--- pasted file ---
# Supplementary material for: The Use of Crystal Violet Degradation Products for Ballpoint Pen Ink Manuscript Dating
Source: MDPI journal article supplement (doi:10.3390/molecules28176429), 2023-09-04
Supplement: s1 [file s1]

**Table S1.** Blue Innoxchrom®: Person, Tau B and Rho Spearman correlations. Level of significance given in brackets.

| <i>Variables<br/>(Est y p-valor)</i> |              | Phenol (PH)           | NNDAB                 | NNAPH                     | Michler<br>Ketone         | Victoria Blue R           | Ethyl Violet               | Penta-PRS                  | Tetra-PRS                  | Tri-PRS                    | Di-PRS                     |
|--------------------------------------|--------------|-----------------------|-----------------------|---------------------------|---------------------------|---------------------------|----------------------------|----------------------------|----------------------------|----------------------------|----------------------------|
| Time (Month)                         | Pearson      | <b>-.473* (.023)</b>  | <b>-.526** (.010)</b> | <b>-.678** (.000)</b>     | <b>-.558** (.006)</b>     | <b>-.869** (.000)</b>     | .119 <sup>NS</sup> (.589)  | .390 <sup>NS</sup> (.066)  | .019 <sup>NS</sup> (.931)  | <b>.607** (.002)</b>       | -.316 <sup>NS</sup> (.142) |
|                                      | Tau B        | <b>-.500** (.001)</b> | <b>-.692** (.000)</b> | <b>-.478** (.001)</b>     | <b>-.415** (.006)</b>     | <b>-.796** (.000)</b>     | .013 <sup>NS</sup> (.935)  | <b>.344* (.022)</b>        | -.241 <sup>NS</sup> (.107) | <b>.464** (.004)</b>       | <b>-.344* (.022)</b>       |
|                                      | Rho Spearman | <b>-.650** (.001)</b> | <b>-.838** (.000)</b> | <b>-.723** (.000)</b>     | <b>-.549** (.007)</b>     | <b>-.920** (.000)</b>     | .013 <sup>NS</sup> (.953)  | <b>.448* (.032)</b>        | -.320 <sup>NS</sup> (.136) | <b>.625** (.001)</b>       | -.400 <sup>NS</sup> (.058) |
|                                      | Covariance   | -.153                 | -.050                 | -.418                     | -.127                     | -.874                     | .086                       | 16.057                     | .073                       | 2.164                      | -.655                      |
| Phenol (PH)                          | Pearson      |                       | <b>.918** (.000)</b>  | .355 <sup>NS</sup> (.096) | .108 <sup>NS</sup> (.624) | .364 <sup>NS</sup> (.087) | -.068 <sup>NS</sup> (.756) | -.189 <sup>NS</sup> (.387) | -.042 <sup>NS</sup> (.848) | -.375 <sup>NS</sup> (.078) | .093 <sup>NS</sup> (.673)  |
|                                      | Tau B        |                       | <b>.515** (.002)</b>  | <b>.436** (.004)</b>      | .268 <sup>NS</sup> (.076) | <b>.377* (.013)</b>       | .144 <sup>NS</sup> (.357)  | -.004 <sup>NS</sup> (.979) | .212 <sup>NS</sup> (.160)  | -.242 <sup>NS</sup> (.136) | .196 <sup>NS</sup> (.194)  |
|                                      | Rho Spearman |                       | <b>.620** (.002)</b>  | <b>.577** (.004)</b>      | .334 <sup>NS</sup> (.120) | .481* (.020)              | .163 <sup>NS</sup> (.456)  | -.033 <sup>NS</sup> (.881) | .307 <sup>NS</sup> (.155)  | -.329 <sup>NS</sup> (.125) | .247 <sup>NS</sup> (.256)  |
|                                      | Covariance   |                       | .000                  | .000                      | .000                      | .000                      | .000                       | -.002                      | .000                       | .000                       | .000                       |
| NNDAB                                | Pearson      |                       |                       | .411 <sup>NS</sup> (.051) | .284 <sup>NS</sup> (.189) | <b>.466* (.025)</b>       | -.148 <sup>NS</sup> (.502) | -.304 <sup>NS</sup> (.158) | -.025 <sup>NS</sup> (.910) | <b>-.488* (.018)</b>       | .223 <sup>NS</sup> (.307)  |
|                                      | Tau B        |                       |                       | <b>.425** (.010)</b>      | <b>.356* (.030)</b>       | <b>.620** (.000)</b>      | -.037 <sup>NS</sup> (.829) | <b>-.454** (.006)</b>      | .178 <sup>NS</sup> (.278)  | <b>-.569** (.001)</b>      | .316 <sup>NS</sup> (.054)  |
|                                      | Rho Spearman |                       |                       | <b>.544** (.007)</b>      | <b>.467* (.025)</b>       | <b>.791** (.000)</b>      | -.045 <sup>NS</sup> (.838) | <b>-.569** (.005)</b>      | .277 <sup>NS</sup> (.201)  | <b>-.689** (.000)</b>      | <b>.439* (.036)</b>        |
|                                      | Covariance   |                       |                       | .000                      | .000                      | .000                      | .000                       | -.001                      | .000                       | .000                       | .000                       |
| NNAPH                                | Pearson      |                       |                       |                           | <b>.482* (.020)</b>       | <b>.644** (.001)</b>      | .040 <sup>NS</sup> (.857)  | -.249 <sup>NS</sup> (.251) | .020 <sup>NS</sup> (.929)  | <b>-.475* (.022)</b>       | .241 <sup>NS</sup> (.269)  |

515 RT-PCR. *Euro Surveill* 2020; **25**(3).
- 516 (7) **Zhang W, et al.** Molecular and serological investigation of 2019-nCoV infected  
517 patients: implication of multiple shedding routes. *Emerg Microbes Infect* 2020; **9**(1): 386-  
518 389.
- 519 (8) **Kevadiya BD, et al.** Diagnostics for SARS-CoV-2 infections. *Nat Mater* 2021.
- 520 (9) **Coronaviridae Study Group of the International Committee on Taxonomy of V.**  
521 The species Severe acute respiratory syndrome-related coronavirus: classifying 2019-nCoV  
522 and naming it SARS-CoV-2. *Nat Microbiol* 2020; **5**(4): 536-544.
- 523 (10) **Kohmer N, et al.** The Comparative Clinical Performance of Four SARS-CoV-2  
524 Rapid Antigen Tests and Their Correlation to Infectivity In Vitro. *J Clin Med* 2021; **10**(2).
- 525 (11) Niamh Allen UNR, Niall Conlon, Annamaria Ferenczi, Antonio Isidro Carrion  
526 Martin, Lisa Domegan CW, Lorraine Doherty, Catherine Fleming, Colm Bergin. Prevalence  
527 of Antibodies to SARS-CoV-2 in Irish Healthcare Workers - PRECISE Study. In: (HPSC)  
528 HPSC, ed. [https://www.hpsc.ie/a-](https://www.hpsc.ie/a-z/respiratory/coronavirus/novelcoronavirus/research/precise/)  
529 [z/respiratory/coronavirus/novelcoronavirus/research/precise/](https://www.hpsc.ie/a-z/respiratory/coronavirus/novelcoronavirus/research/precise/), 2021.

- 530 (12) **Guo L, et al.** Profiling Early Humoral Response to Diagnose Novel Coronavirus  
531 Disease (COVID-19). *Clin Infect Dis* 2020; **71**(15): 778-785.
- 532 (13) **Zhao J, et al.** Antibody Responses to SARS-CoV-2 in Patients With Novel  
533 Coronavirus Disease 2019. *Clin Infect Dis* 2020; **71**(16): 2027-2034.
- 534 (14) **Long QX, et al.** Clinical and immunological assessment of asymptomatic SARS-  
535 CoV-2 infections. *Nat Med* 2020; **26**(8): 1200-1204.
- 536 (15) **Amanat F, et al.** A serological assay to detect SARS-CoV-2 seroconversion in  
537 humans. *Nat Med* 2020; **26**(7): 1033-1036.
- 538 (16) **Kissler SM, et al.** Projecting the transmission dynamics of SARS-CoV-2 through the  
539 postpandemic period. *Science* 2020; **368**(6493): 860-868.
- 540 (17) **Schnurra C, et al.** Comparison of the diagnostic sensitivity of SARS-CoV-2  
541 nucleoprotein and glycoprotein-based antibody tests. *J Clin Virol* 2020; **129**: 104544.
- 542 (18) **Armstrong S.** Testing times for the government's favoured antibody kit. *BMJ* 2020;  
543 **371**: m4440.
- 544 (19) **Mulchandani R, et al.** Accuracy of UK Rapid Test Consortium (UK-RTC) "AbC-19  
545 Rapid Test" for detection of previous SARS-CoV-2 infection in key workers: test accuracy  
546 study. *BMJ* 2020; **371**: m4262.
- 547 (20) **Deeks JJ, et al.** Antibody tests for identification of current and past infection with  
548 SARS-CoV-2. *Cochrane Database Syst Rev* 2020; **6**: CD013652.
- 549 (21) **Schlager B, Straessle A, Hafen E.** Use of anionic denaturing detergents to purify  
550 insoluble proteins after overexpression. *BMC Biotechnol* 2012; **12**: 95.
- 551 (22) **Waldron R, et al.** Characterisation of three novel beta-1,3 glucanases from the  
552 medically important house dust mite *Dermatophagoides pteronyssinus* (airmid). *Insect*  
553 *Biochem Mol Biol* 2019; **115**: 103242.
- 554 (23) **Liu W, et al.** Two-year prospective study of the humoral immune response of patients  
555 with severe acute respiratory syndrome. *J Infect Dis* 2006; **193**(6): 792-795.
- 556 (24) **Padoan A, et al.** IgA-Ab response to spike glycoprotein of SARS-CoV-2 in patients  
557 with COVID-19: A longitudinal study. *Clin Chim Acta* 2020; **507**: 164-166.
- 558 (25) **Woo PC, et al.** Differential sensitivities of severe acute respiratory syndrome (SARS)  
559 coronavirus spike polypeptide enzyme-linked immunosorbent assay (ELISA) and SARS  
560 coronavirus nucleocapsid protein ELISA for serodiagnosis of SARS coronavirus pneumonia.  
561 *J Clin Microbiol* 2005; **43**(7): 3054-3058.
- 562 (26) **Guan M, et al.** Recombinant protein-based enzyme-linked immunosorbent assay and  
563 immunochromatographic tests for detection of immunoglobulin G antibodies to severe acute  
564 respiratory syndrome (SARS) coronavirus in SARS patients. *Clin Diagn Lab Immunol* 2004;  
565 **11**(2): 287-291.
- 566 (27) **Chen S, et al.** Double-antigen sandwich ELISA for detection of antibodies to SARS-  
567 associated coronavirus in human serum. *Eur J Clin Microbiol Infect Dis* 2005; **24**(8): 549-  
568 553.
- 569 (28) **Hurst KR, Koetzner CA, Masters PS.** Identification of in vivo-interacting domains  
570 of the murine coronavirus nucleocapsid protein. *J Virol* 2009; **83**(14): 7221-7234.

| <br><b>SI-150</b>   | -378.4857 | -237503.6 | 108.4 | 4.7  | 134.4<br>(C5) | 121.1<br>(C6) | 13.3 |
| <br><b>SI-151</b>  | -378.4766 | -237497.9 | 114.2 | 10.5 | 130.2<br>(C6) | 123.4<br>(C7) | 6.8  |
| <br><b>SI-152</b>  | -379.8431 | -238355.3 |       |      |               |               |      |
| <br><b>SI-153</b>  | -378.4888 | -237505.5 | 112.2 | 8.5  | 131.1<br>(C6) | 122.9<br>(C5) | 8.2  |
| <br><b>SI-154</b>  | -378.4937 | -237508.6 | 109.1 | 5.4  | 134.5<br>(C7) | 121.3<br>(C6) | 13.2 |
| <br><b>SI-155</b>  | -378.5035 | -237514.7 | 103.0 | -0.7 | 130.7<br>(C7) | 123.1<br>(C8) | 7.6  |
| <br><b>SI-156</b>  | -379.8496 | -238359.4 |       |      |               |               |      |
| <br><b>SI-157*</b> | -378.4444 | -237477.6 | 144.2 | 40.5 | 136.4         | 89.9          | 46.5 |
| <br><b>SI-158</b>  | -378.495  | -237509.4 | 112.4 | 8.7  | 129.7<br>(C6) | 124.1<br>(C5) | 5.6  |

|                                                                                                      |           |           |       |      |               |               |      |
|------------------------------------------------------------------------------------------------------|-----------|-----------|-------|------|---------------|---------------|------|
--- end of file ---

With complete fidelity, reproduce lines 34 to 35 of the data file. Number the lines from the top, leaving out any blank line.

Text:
529 [z/respiratory/coronavirus/novelcoronavirus/research/precise/](https://www.hpsc.ie/a-z/respiratory/coronavirus/novelcoronavirus/research/precise/), 2021.

- 530 (12) **Guo L, et al.** Profiling Early Humoral Response to Diagnose Novel Coronavirus  